Even if they only had the role of protecting dignitaries, you don't want any police force immune from the constitution. Ever.
posted by clarknova at 7:41 AM on March 21, 2012 [1 favorite]


The President is not above the law, but the Secret Service guys protecting the President are?
posted by Capt. Renault at 7:46 AM on March 21, 2012 [1 favorite]


That ten-minute lag between the act and the arrest seems a bit more "how dare he touch my royal countenance" rather than "OMG, he's attacking the VP!!!"

It's not like this sort of thing is not without precedent.
posted by Kid Charlemagne at 7:47 AM on March 21, 2012


FWIW, the above description (assuming that the officers had probable cause to arrest him) is because when confronted by the agent "He asked me first . . . Did you assault the Vice President? That's the question I remember. . . . At which point I said, No. And then he asked me another question, which may have been, Did you touch the Vice President?" To which he replied no. But he had touched the VP, and the agent knew that. Even if the touch itself wasn't a crime, the appellate court held that his denial of the touch could plausibly be interpreted as violating the law against lying to a federal agent. The feds didn't charge him with that, but they state it was enough to constitute probable cause for an arrest.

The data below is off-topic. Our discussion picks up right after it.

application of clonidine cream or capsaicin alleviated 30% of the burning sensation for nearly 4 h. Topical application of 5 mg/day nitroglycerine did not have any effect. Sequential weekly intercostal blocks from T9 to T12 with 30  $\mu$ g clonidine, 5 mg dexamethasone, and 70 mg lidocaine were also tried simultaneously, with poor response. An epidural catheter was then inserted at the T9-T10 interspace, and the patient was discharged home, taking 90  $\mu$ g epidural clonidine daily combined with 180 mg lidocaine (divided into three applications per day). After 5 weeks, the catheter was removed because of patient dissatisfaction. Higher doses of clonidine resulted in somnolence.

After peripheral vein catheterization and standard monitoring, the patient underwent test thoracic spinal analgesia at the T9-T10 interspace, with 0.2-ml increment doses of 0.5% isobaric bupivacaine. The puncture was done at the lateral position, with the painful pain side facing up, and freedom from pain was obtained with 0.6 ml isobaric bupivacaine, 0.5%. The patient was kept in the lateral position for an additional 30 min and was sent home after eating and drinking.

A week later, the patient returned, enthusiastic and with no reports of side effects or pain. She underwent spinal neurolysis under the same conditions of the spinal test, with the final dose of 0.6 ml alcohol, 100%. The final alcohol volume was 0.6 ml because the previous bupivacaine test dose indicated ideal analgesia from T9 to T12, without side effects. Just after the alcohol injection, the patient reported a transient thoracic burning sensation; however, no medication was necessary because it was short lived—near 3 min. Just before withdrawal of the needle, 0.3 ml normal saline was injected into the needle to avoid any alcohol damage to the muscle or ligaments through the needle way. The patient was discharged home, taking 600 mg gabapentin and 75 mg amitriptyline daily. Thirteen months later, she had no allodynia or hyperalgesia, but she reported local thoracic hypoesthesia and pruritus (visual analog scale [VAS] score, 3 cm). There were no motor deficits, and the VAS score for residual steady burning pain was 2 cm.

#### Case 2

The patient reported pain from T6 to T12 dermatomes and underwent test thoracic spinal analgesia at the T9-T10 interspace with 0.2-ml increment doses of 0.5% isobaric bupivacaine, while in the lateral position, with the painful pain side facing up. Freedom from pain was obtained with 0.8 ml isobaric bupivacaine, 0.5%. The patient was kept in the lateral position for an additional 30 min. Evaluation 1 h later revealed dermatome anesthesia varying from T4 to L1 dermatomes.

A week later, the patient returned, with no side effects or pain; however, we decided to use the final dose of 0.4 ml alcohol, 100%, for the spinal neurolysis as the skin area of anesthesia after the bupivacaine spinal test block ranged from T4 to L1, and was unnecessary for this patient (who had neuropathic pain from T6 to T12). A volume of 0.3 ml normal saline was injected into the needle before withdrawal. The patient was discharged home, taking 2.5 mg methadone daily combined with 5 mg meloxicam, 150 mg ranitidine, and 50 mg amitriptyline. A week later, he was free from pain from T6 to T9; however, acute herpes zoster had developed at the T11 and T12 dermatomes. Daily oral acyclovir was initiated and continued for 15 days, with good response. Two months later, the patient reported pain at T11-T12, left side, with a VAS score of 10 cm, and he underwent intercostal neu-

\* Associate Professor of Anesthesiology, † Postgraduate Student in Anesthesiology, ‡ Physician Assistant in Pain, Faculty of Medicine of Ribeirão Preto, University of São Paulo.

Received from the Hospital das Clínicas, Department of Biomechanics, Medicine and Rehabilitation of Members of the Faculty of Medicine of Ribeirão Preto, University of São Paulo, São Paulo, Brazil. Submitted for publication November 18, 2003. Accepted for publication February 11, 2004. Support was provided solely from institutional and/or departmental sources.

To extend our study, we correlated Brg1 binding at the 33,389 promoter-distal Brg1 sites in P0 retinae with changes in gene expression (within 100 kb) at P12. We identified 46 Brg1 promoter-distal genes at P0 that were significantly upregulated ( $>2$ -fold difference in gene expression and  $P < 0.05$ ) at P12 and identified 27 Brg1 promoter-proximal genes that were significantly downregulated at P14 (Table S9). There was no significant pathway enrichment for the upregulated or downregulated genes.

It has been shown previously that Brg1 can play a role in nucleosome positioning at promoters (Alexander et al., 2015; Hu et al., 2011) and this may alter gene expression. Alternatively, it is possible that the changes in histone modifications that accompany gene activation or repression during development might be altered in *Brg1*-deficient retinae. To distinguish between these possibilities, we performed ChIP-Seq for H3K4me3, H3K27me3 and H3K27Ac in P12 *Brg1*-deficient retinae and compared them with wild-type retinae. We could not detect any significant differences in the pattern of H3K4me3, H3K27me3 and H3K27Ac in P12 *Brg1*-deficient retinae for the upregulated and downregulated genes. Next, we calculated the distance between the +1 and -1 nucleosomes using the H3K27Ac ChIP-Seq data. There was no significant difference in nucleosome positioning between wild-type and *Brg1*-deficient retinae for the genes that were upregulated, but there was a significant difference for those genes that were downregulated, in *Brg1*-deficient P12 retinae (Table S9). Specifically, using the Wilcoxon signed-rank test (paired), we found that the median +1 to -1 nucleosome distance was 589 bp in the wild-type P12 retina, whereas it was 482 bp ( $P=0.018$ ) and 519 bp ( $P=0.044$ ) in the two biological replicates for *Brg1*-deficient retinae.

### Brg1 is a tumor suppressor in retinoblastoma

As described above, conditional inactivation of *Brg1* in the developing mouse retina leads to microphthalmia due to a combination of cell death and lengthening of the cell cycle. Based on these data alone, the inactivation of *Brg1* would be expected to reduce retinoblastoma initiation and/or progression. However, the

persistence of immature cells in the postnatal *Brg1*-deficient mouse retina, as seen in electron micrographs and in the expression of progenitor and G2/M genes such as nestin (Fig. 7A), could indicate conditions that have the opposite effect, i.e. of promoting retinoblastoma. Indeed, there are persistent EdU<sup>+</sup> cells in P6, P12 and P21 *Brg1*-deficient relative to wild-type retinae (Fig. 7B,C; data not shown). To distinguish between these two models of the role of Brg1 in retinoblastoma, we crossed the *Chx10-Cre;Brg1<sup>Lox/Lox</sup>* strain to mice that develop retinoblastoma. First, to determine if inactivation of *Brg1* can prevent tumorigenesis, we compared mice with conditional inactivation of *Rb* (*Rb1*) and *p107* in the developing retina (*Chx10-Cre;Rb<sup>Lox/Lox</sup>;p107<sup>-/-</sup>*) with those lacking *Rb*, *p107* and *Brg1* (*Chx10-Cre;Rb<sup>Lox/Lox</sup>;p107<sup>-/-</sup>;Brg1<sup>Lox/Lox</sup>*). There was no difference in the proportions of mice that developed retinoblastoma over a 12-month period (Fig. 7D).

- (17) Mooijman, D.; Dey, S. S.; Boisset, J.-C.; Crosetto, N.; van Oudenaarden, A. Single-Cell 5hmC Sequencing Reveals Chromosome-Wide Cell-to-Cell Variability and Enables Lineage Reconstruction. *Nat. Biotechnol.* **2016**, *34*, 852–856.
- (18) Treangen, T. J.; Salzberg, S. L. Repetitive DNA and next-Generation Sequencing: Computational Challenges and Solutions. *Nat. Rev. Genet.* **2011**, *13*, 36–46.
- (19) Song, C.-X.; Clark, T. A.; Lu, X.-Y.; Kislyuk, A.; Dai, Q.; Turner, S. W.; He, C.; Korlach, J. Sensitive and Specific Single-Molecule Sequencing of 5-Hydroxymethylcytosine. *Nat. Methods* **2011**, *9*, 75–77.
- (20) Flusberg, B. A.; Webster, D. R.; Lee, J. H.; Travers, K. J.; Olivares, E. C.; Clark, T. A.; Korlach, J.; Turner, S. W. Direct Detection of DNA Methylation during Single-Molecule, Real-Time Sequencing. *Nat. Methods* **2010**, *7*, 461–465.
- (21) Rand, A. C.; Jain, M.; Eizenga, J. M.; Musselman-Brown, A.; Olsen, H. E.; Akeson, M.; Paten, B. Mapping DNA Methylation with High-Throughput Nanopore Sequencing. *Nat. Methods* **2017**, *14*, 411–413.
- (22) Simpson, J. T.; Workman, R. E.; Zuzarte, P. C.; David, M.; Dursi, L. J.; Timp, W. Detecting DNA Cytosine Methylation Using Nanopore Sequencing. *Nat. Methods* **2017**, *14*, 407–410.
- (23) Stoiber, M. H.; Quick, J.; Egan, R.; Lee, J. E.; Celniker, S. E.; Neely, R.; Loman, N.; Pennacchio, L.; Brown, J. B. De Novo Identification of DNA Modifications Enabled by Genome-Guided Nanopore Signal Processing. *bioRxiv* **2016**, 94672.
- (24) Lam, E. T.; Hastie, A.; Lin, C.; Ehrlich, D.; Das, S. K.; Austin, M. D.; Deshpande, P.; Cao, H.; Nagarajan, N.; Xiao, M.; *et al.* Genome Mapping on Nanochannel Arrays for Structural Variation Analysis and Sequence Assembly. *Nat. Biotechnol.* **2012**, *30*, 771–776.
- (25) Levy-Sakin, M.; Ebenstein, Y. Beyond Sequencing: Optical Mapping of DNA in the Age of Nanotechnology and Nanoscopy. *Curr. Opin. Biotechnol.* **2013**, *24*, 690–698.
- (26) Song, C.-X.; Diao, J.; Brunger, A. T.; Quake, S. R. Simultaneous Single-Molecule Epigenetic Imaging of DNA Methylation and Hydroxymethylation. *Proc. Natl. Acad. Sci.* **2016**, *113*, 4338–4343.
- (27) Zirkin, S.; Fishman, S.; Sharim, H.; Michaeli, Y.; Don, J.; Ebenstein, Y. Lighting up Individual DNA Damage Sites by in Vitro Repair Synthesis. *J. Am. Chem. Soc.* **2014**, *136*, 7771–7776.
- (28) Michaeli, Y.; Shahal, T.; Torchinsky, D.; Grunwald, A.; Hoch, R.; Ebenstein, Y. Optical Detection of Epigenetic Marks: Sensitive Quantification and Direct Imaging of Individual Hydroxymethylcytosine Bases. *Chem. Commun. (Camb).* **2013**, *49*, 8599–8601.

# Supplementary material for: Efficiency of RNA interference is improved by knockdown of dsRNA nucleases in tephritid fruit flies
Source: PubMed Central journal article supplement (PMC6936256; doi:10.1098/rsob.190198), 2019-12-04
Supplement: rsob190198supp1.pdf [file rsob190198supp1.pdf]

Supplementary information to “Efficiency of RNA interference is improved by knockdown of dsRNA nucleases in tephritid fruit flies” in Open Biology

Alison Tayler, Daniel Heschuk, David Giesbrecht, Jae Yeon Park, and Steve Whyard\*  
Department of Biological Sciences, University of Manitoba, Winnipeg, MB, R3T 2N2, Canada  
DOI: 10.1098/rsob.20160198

So there you go, when you answer questions and misremember something small they arrest you.
posted by a robot made out of meat at 7:55 AM on March 21, 2012 [1 favorite]


when you answer questions and misremember something small they arrest you.

Don't Talk to Cops.
posted by gauche at 7:57 AM on March 21, 2012 [5 favorites]